Arsenal's awkward Palace appointment

Phil Shaw puts politics to one side and looks ahead to the weekend's highlights
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The Independent Online
So George Graham can now put his feet up, if not, one trusts, in the manner of Eric Cantona. But away from the bung-fu scandals, there is football to be played and a championship to be won.

Every one of this weekend's Premiership fixtures has some bearing on the title race, the jostling for a place in Europe or the struggle to avoid relegation. The matches involving Blackburn Rovers and Manchester United have more riding on them than most, though Arsenal's visit to Crystal Palace is certain to come under intense scrutiny.

Highbury scarcely had time to take in the magnitude of events before Tuesday's victory over Nottingham Forest. Since then, the Premier League report into the allegations against Graham has been published, and he paid a reportedly emotional farewell visit to the training ground (oh, to have been a fly on the wall as he took his leave of John Jensen). Only today, perhaps, will the extent to which the saga has affected a team who resume the defence of their European trophy next week become clearer.

Stewart Houston, Arsenal's caretaker manager, has quite a record to uphold at Selhurst Park. In 12 League and Cup trips to Palace stretching back a quarter of a century, the Gunners have lost only once. That was in 1979, when Terry Venables, as manager, and Gerry Francis, in midfield, were the driving force behind the putative Team of the Eighties. Not until last October did Palace finally win at Arsenal, one of several games pre-dating the Rune Hauge affair which indicated that Highbury's malaise ran deep.

Not counting Houston, only four Scots now manage at the top level, Kenny Dalglish and Alex Ferguson occupying the first two places and Mark McGhee and George Burley the bottom rungs. Dalglish's Blackburn ought to retain the leadership after their collision of buyers and sellers against Norwich. Chris Sutton, whose £5m transfer epitomised both traits, is suspended, though Tim Sherwood, who made the same switch for a tenth of that sum, will recall that Blackburn beat his old club 7-1 two seasons ago.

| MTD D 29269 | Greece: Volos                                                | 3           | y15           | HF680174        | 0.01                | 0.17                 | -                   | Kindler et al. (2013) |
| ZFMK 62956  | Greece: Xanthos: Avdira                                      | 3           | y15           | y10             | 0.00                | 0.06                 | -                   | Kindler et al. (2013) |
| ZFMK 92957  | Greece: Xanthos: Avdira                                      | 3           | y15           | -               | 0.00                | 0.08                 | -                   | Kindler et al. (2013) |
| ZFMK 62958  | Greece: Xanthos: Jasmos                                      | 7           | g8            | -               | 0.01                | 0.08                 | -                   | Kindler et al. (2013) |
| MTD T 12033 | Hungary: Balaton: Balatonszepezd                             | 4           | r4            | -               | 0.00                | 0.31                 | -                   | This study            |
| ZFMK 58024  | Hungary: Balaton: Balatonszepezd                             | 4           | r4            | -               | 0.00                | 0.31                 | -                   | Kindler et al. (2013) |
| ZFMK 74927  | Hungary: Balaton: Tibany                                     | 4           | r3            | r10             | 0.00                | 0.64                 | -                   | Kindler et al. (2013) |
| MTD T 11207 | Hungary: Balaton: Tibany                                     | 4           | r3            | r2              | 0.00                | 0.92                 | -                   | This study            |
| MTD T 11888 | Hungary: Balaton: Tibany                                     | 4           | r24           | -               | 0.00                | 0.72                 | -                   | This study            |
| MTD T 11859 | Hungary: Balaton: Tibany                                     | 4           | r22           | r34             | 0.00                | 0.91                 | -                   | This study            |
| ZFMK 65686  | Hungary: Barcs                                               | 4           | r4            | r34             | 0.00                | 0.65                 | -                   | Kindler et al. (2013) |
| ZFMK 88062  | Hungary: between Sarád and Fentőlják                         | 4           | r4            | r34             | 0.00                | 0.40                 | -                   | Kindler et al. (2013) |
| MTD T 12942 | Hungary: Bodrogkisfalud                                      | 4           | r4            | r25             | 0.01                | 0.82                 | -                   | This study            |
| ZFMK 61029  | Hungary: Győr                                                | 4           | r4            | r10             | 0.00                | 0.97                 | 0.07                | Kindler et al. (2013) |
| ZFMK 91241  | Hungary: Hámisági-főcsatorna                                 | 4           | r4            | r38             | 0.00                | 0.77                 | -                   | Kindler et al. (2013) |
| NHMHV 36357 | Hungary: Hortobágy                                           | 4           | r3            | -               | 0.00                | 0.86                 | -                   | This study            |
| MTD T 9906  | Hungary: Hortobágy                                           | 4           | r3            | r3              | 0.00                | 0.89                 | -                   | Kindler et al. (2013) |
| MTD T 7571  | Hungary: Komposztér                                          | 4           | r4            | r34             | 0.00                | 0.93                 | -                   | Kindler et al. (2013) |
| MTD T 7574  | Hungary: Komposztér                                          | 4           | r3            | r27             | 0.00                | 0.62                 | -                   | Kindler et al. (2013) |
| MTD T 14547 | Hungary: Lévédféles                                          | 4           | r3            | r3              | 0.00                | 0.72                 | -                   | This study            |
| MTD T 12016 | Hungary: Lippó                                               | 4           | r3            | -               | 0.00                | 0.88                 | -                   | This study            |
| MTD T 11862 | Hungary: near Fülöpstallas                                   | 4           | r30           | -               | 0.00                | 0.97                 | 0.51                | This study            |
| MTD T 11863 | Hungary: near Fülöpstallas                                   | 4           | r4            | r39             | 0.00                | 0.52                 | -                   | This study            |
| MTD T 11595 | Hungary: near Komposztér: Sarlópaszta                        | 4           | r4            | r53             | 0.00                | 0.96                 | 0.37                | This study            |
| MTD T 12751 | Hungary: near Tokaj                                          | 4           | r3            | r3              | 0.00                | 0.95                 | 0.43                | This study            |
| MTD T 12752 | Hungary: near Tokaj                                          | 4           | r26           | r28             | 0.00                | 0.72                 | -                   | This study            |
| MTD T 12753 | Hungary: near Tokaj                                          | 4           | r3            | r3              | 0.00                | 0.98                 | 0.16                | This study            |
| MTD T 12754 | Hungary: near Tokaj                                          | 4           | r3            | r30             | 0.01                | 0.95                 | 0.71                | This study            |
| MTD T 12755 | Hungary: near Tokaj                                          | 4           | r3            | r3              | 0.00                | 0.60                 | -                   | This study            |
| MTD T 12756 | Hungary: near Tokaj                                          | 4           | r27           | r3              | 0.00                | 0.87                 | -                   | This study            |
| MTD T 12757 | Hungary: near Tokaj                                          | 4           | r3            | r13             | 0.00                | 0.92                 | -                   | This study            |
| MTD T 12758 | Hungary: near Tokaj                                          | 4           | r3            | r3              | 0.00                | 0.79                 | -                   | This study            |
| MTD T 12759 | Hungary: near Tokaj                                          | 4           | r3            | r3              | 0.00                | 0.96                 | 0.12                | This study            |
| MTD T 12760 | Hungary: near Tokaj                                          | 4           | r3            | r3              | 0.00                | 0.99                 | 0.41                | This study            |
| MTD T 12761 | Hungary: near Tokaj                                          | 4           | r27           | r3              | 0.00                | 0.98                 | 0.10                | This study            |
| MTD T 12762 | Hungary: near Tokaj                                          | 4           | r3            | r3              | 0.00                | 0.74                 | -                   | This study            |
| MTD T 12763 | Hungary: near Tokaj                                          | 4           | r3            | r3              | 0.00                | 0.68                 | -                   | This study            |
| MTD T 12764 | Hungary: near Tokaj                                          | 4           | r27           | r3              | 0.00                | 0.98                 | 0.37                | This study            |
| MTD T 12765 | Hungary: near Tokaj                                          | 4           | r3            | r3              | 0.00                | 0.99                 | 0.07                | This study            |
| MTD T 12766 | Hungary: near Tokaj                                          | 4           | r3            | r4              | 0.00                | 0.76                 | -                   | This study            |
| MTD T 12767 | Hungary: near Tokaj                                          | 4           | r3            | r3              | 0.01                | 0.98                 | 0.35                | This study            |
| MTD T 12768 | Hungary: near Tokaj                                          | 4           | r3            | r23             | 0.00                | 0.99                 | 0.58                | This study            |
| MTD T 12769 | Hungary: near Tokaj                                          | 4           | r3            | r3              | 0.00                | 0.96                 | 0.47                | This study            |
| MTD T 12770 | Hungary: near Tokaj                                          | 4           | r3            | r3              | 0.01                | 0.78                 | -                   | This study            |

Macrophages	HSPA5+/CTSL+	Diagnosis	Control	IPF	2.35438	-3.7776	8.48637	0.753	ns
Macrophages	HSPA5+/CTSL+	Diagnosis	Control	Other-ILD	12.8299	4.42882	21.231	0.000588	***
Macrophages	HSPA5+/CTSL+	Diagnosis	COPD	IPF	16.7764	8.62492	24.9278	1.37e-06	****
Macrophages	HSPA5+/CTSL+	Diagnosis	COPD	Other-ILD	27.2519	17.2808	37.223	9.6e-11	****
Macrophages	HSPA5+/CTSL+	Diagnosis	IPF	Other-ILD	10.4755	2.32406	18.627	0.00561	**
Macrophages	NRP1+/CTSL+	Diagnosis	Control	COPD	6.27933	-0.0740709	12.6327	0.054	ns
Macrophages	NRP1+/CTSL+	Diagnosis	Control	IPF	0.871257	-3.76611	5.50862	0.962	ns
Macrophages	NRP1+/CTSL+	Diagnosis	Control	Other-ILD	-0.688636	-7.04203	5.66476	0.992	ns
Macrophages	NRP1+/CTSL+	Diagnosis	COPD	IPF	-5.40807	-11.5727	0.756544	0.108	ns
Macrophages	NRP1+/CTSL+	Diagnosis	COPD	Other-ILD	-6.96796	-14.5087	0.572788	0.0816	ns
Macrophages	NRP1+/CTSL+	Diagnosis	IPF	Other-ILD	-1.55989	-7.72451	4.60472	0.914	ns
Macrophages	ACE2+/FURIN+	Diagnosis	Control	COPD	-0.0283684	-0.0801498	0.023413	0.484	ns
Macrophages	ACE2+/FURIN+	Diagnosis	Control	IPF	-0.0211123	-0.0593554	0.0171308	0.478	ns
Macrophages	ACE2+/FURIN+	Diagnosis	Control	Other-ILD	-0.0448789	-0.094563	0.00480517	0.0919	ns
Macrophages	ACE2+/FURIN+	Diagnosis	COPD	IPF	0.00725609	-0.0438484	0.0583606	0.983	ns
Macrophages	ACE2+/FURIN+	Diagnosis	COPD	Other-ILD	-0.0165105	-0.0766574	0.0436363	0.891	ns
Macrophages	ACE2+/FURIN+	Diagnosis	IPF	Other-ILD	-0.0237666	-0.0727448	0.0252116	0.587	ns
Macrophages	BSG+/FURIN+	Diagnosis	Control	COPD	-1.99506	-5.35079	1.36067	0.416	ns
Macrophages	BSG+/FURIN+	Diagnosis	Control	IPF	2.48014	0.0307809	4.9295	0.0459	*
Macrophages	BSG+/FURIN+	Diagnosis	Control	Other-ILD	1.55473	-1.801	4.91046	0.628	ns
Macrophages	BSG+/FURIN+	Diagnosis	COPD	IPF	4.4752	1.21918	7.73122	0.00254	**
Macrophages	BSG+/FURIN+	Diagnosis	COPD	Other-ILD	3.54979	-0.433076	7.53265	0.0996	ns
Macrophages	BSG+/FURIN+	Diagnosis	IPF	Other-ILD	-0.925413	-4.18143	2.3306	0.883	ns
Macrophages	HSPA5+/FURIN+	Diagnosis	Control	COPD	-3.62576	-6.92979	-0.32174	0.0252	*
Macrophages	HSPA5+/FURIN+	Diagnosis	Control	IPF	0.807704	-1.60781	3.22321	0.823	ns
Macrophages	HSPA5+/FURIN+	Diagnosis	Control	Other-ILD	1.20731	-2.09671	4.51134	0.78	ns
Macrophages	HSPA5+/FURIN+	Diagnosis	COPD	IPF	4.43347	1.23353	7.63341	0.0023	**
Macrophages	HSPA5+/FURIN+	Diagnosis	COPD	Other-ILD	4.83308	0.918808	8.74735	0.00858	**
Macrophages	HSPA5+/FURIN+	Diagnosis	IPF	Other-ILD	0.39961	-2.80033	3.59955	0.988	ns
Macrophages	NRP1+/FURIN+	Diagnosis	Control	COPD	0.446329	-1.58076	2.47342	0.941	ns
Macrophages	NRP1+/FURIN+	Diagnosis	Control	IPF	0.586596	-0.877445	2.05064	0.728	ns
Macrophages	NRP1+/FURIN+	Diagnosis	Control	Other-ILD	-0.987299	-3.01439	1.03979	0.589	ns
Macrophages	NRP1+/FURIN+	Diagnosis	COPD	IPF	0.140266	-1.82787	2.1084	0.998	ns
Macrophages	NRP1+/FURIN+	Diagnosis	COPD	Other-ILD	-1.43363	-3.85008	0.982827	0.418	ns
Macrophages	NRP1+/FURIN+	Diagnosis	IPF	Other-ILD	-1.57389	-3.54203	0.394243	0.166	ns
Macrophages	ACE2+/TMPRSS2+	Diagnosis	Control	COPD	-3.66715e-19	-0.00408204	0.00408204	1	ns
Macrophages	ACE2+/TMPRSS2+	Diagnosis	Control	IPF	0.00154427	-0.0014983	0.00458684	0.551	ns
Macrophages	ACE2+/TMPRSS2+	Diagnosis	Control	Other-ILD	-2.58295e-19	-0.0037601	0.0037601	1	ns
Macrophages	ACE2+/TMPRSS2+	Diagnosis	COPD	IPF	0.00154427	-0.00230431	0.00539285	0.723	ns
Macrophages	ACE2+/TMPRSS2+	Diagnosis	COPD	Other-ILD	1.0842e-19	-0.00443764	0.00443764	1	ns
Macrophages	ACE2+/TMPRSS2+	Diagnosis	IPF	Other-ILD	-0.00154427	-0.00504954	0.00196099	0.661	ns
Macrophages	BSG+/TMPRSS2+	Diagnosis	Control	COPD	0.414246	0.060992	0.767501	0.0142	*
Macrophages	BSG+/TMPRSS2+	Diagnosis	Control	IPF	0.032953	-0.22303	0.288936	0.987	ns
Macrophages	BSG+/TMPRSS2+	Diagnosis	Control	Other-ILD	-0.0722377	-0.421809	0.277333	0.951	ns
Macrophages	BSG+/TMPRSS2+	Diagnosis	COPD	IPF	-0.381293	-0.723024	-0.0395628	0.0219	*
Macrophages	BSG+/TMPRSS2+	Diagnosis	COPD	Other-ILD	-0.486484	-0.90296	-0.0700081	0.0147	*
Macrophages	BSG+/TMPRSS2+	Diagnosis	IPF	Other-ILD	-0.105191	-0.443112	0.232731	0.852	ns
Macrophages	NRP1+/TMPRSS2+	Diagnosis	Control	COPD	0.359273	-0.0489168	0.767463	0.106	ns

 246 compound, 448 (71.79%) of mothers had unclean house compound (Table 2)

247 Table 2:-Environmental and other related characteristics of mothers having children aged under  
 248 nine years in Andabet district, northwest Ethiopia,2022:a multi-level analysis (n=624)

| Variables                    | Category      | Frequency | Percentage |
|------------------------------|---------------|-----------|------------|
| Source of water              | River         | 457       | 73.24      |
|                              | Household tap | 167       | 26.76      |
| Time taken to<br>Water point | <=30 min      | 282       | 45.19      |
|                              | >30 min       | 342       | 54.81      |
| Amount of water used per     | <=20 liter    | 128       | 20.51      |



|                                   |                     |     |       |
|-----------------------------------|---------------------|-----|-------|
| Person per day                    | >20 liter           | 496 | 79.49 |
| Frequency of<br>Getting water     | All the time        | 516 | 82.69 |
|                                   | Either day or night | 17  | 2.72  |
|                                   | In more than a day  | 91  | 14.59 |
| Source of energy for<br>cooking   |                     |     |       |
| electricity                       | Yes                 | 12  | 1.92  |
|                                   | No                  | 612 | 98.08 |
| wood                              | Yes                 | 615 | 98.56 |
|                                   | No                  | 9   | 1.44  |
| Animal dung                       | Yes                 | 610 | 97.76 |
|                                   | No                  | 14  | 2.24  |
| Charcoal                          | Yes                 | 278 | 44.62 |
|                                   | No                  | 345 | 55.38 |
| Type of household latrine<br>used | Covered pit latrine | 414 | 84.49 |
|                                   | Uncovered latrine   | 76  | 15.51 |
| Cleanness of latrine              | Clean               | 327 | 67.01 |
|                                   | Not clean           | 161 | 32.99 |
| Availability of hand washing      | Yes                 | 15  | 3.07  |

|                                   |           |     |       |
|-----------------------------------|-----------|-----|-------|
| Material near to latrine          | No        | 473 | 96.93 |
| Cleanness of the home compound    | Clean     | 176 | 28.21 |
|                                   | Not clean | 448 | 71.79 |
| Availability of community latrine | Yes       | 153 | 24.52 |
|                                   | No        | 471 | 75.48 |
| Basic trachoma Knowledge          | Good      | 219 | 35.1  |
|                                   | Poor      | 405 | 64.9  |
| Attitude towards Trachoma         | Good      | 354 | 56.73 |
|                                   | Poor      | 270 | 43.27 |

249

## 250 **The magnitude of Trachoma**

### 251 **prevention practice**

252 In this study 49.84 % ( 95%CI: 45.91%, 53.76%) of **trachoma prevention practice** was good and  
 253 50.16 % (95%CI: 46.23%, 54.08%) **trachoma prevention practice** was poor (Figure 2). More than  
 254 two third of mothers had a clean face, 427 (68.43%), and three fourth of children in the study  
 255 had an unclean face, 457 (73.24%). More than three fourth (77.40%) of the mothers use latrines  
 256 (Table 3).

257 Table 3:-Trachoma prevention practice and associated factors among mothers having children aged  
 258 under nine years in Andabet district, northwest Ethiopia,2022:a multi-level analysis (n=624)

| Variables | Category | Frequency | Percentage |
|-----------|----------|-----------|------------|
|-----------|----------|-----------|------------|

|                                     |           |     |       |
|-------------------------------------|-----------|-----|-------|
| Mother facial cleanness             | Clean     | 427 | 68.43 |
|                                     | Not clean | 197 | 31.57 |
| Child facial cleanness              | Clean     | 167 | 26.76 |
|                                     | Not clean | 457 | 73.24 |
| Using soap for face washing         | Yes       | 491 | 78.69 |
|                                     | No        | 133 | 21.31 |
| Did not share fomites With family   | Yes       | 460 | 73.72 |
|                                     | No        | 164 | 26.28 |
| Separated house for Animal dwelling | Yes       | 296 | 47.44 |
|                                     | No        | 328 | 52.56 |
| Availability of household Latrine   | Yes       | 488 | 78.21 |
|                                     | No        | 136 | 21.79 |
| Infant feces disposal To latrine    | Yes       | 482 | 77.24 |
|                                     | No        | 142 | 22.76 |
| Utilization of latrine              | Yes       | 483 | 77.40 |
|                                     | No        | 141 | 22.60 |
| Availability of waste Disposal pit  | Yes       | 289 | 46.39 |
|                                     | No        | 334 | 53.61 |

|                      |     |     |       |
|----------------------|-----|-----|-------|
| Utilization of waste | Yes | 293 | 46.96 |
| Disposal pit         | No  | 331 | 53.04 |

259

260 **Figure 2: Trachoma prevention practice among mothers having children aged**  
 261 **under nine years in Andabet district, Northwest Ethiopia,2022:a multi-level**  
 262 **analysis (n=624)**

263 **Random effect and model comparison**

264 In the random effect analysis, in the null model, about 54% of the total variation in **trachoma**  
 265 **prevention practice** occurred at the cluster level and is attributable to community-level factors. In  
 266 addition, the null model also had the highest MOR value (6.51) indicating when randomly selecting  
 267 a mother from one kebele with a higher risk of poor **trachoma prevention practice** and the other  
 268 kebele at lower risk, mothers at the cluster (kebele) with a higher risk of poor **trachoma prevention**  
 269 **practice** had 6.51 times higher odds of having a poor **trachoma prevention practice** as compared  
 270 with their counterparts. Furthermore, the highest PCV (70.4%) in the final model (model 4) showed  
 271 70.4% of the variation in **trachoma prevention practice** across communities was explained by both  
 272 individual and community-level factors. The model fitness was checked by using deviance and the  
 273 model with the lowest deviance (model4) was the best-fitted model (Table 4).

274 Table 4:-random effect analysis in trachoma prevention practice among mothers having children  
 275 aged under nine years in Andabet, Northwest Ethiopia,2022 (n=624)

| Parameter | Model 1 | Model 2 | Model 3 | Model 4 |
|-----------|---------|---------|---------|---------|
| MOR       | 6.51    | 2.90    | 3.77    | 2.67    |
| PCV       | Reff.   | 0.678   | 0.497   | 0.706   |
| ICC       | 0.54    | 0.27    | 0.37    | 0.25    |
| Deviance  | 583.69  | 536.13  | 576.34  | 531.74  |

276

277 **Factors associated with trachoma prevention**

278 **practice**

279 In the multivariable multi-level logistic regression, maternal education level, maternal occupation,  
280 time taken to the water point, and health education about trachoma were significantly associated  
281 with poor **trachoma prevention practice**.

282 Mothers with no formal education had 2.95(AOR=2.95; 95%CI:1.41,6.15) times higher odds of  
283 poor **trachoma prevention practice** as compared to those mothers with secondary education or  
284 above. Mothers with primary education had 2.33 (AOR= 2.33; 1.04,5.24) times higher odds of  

Everton, who took Norwich for five goals last Saturday, will be without their top scorer, Paul Rideout, as they try to halt United's six-game winning run since losing Cantona. Goodison's forgotten man, Daniel Amokachi, stands by. A week after Jimmy Hill's patronising aside about African navety - which ignored the success of so many of their defenders in Europe - the Nigerian's successful return would be timely indeed.

Coventry, where Ron Atkinson put 5,000 on the gate a week ago, stage a derby six-pointer against Leicester, who are set to discover whether or not the three late goals which earned a draw at Villa Park represent a turning point. Spectators have been flocking to the Sky Blues' suburban training sessions, which either confirms Atkinson's charisma or means McGhee is leaving nothing to chance.

The cry of "Ooh Aah Yeboah" is likely to be heard at Manchester City as Leeds supporters warm to another African with a scoring habit and a name that scans. Tottenham pit their revival against a Vinnie Jones-free Wimbledon, whose neat counter-attacking at Anfield last Sunday demonstrated the folly of reducing the match at White Hart Lane to beauty versus the beast.

Liverpool undertake a journey forever tinged with a terrible poignancy, to Hillsborough, where their followers will be anxious for news of the big game back on Merseyside. Not the one at Everton, but Tranmere, whose position as First Division leaders is the highest in their 110-year history, against Burnley, where Jimmy Mullen could become the next managerial casualty in the event of an eighth successive defeat.

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